La Cuisine d'Helene

Thanks, Maria!


I love middle eastern food. That been said, I’m ashamed to confess I’ve never heard of this before. Thanks for making us acquaintances. I especially look forward to trying the pomegranate molasses.

Angel Reyes

This looks delicious. A wonderful change up from hummus or a veggie based spread.

kathleen @ Brownie and Bites

This is so beautiful and looks delicious Heidi!

Millie | Add A Little

You can find the pomegranate at any Middle Eastern store


This looks wonderful! Where can I find pomegranate molasses in San Francisco?


Amazing! I had to stop after work last night to buy some bell peppers after reading your recipe. Made it as soon as I got home and it was delicious. Thanks for sharing! 🙂


Your photos are so gorgeous and I’m loving the fresh, bright flavors of this dip!

Kate @ ¡Hola! Jalapeño

For the roasted pepper, should you remove the skin after grilling/roasting?

HS: Hi Jess, you certainly can….I tend to do that particularly if there is a lot of char on the peppers.


I absolutely love muhammara and shared a recipe on my blog too last year. Do you use regar bread crumb? Have you tried the dip with pita bread crumb?

Lail | With A Spin

Just the inspiration I needed for all those walnuts in my pantry nicely awaiting a recipe to jump into. Oh! That Purple Basil, Gorgeous!

Ciao Florentina

This looks and sounds delicious, do you have any recommendations for walnut substitutes for those of us with tree nut allergies? I usually sub sunflower seeds, but wanted to see if you have any other recommendations.


I first made Muhammara circa 1993 from a recipe in Gourmet Magazine. I had never heard of pomegranate molasses before and it actually took about a year to find some. This was a staple in our house for years; I used to make a big, big batch in the fall and freeze in small containers. It makes for great pesto. Thanks for making be think about it again.


Oops -meant to say I didn’t have pomegranate molasses so I used pomegranate (juice) and molasses. Not hard, folks! =)


I made this tonight and it is AMAZING! I didn’t have pomegranate and molasses, so I just added both (2T molasses and 1T pomegranate). Tastes great!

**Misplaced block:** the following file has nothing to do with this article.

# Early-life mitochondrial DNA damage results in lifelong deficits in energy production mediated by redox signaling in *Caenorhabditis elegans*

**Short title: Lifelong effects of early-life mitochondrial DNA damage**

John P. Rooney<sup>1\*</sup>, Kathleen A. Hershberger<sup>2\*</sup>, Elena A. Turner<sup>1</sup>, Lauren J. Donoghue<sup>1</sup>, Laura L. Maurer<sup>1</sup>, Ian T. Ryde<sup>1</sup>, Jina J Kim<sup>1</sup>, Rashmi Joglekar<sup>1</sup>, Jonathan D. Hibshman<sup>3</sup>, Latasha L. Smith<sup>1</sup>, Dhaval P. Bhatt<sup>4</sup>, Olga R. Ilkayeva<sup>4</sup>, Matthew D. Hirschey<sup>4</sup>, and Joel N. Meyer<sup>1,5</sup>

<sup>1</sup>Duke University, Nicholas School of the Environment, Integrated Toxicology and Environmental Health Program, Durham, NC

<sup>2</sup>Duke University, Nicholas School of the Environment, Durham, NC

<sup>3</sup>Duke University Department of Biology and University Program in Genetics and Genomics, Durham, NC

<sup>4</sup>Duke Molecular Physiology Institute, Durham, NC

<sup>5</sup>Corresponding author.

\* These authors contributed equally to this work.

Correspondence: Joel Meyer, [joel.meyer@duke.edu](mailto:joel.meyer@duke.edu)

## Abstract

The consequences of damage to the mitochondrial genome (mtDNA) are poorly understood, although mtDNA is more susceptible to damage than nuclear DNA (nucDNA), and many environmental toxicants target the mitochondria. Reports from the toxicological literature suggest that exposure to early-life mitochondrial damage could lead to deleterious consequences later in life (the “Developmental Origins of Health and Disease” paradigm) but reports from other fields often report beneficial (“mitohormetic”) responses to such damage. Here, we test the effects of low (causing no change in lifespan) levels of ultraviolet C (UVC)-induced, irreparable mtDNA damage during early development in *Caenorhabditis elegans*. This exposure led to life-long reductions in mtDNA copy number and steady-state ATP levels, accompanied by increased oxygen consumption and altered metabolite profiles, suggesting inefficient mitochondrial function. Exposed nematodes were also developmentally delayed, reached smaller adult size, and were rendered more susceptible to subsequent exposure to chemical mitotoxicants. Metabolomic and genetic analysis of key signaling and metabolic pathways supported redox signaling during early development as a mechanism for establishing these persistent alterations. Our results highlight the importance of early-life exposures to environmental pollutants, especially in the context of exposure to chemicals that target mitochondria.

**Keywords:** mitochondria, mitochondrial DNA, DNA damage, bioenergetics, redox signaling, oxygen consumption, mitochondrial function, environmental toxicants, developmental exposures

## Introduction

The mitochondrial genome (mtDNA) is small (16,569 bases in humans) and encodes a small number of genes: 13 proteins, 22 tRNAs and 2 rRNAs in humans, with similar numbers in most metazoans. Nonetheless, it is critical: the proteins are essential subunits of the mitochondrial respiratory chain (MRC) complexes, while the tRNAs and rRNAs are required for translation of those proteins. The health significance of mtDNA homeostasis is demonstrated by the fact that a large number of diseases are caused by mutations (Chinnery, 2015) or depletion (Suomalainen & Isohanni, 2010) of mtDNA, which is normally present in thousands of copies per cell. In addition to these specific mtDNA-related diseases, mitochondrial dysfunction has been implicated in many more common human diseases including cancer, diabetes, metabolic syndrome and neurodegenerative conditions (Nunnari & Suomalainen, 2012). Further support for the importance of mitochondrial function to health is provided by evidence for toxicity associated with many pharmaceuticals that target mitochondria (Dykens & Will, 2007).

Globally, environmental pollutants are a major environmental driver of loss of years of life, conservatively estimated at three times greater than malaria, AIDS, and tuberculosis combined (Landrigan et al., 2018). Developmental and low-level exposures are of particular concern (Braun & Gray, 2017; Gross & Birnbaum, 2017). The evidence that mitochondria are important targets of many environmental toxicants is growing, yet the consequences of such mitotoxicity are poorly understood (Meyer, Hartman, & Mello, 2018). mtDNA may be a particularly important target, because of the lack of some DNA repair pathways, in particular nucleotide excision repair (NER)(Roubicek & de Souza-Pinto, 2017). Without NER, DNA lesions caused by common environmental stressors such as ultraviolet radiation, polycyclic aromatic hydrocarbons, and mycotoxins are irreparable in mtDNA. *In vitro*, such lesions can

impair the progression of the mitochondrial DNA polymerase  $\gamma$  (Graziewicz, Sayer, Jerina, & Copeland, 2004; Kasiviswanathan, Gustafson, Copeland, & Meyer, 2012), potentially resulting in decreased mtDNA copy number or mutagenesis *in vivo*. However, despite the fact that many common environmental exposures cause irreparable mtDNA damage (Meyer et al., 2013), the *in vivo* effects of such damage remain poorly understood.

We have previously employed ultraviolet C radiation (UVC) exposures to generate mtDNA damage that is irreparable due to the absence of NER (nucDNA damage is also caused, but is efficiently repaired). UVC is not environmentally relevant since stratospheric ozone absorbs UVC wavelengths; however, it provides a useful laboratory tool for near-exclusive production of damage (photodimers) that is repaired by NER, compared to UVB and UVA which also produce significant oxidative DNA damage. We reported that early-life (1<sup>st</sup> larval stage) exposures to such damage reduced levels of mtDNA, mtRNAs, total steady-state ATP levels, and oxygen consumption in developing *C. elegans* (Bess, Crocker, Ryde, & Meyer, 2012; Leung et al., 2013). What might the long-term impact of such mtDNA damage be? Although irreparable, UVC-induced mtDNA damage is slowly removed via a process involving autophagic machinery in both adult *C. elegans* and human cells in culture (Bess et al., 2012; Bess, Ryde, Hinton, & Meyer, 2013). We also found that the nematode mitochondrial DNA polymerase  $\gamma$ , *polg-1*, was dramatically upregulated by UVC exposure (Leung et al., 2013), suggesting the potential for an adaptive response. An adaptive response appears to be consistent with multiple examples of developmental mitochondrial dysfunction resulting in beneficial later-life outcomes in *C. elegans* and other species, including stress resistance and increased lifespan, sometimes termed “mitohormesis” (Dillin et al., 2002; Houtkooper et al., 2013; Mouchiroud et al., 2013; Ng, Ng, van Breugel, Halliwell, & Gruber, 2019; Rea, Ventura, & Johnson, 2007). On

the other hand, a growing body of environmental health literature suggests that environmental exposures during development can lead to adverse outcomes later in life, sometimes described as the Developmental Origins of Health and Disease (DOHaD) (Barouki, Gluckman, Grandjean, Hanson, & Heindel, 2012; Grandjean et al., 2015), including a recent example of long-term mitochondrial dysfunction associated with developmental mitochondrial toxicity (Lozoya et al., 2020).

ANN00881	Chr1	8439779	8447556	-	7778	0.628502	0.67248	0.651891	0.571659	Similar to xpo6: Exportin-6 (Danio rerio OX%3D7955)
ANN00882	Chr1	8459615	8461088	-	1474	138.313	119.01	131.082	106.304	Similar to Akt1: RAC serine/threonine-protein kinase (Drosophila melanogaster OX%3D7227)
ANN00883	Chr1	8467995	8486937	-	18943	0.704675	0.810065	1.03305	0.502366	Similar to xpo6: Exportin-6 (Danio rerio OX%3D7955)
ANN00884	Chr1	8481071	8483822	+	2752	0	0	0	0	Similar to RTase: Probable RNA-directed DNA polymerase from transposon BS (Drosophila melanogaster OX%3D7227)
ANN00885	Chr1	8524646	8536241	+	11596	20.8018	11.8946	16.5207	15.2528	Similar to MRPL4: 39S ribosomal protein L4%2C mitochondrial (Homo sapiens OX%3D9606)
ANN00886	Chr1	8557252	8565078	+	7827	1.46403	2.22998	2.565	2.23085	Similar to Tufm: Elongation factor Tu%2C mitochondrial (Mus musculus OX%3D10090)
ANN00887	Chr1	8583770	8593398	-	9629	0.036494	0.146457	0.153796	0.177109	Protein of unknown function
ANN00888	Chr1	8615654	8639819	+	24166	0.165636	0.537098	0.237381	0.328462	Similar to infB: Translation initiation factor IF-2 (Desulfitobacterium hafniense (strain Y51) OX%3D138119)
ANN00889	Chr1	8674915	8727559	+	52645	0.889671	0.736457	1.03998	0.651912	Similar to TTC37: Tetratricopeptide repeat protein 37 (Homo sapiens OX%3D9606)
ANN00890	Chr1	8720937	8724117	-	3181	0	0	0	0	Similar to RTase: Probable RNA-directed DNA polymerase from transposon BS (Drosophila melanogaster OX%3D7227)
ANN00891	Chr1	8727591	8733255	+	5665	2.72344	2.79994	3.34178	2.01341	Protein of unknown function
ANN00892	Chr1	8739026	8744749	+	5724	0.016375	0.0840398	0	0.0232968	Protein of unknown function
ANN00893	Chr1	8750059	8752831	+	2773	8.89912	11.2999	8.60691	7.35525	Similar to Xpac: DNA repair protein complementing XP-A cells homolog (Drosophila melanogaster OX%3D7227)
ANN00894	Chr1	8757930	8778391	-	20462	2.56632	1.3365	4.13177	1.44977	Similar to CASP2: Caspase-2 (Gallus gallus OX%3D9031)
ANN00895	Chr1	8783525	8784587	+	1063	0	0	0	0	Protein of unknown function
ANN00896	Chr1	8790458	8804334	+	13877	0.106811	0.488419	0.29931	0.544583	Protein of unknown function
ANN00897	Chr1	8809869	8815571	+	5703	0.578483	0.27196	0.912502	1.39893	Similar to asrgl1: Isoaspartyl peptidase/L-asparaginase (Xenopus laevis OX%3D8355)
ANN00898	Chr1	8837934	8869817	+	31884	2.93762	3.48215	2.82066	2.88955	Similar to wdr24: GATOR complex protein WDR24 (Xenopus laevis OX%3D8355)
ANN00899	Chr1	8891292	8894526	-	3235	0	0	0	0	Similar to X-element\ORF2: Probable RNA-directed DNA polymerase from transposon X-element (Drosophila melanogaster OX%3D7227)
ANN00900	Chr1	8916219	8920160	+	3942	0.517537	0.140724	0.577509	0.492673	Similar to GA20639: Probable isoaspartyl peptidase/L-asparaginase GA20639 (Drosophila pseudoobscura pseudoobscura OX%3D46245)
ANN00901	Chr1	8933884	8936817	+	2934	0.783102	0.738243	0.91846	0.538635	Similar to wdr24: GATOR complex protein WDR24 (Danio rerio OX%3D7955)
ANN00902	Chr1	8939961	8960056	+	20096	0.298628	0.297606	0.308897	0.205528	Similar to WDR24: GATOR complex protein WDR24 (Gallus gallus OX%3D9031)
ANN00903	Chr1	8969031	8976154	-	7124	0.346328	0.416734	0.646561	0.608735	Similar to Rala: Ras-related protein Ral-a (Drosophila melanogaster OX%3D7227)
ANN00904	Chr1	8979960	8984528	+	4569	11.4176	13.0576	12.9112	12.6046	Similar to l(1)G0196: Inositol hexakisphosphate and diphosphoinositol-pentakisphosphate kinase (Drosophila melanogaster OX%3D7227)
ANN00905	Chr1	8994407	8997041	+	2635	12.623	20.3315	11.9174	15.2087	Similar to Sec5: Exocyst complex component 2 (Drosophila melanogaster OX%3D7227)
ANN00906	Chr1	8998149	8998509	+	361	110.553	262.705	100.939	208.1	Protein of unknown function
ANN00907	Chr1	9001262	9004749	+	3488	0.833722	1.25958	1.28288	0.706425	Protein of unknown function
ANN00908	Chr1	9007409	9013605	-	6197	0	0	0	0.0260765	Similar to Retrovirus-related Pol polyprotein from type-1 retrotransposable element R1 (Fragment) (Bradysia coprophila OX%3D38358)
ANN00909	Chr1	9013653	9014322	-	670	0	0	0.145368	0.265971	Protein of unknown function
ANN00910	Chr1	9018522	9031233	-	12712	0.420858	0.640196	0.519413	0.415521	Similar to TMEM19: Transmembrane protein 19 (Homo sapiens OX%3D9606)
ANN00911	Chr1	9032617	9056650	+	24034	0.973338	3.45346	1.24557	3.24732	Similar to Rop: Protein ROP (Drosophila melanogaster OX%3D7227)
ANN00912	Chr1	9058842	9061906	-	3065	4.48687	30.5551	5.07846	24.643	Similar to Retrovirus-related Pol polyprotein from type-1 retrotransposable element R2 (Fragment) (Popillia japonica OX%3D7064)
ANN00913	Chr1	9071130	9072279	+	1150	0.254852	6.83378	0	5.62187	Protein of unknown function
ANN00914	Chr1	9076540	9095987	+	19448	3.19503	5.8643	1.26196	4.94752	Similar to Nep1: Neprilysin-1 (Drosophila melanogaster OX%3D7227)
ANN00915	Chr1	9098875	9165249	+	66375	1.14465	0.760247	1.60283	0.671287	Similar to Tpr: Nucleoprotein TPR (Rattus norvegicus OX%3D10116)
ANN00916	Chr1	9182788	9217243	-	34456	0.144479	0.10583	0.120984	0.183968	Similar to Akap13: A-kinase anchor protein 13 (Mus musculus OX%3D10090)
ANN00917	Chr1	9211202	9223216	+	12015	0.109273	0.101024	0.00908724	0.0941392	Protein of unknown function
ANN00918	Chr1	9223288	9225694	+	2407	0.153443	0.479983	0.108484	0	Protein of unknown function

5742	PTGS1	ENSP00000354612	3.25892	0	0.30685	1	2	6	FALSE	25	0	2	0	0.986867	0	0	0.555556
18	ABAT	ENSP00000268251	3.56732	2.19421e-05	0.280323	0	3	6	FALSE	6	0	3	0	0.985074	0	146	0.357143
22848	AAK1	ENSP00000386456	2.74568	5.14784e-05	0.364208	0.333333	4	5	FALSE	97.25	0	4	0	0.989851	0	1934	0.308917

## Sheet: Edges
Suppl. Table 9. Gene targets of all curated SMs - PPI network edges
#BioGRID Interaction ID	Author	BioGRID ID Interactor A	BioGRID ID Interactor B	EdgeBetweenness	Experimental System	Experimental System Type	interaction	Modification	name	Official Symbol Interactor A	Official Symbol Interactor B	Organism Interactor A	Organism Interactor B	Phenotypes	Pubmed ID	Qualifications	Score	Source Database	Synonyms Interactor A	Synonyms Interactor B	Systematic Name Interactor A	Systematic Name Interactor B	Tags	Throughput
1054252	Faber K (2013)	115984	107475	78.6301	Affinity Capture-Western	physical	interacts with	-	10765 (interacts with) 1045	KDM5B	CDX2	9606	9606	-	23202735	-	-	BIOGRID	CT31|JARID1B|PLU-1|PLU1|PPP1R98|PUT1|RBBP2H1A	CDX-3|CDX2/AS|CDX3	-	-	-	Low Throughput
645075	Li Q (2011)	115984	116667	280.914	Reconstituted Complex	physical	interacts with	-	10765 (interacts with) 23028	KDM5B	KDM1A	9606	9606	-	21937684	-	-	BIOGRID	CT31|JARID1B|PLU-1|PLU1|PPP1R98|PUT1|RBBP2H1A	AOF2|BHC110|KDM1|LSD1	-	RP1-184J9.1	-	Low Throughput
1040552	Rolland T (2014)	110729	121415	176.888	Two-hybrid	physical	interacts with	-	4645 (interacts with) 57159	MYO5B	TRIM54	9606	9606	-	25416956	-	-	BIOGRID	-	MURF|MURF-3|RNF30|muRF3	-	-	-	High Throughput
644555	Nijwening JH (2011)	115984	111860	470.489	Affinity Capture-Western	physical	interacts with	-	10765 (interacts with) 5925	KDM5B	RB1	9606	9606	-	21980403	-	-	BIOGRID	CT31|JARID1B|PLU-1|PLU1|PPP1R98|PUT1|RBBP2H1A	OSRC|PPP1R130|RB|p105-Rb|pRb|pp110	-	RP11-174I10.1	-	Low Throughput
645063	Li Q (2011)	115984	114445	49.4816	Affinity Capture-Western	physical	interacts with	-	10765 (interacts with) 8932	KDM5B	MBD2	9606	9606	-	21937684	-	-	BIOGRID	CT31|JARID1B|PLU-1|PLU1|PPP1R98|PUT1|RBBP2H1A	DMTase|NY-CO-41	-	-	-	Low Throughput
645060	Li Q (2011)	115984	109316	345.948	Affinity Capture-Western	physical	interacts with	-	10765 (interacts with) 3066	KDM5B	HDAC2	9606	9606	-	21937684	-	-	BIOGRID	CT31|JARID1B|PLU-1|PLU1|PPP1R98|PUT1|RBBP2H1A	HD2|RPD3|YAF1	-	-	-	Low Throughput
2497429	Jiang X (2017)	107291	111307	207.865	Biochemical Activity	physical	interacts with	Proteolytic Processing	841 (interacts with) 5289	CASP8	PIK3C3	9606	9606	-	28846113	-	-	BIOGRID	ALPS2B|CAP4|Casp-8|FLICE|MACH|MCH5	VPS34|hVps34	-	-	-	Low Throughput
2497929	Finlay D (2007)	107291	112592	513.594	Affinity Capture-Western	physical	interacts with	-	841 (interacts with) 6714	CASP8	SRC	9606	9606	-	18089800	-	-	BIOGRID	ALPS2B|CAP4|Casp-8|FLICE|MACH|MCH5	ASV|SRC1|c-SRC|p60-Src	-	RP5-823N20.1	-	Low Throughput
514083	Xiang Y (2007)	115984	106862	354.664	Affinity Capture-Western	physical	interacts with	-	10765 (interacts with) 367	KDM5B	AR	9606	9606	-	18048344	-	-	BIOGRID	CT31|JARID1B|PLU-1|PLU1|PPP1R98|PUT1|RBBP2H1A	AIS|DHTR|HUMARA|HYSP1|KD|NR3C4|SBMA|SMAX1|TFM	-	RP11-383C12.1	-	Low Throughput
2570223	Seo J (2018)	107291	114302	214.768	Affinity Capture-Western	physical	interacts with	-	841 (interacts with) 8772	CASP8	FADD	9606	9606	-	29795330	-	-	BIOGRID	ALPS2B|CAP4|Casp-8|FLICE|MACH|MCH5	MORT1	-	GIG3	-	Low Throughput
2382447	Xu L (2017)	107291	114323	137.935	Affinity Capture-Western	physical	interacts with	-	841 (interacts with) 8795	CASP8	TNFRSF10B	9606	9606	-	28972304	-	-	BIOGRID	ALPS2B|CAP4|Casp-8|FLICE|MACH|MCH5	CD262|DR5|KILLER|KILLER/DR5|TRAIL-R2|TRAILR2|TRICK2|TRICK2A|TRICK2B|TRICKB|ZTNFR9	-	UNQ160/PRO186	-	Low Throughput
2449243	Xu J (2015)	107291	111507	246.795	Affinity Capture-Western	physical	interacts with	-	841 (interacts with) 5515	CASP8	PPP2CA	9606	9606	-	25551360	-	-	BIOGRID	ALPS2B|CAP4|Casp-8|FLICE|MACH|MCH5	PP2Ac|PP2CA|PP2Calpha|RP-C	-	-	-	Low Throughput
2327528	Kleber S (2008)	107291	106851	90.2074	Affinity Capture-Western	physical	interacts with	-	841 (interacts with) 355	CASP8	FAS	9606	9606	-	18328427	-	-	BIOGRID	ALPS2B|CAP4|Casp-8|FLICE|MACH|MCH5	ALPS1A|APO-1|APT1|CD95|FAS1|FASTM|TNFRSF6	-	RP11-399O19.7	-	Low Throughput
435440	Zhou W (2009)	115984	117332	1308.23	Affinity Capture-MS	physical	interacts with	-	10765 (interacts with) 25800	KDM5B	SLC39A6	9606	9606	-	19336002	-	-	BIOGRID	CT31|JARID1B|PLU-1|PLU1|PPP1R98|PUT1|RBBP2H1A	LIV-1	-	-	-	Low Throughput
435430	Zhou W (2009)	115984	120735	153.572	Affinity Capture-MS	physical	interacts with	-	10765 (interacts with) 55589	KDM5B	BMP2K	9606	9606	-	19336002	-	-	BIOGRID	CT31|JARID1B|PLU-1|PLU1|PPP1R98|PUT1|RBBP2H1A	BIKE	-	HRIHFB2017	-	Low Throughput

Longtime fan of yours, and your recipes have never failed me. Thanks for sharing your gifts with us!


Muhammara is at the top of my favorite foods. This is amazing as a sauce with baked chicken thighs. And as a dip for crudite. And straight from a spoon. We no longer eat bread in our household and I miss muhammara with pita.


I have the same question as jen and deepika. Can’t get a hand on any pomegranate molasses in austria. Can I use something else instead?


I’ve read of pomegranate molasses in more recipes lately, especially those including other Middle Eastern ingredients. A couple of years ago I bought a bottle of concentrated pomegranate juice from a Lebanese merchant. When I tasted it, it was quite bitter and frankly disagreeable. I doubt that it has anything to do with the molasses you include in your ingredients. Can you tell me what I have and how it might be used?


I’ll never get pomegranate molasses where I live, I must say it is new to me. I am also wondering if there could be a substitute or a way to make it? Pomegranates we do have around here
Thanks, this must be really good, hope to try it


This sounds delicious. I can’t have walnuts, but I like the idea of it being with almonds. Beautiful as always.

Heather @ Tea with Me

I absolutely love muhammara. Haven’t used tomato paste in it before though, but I can see how it would give it a richer, sweeter base. Will have to try this version for sure!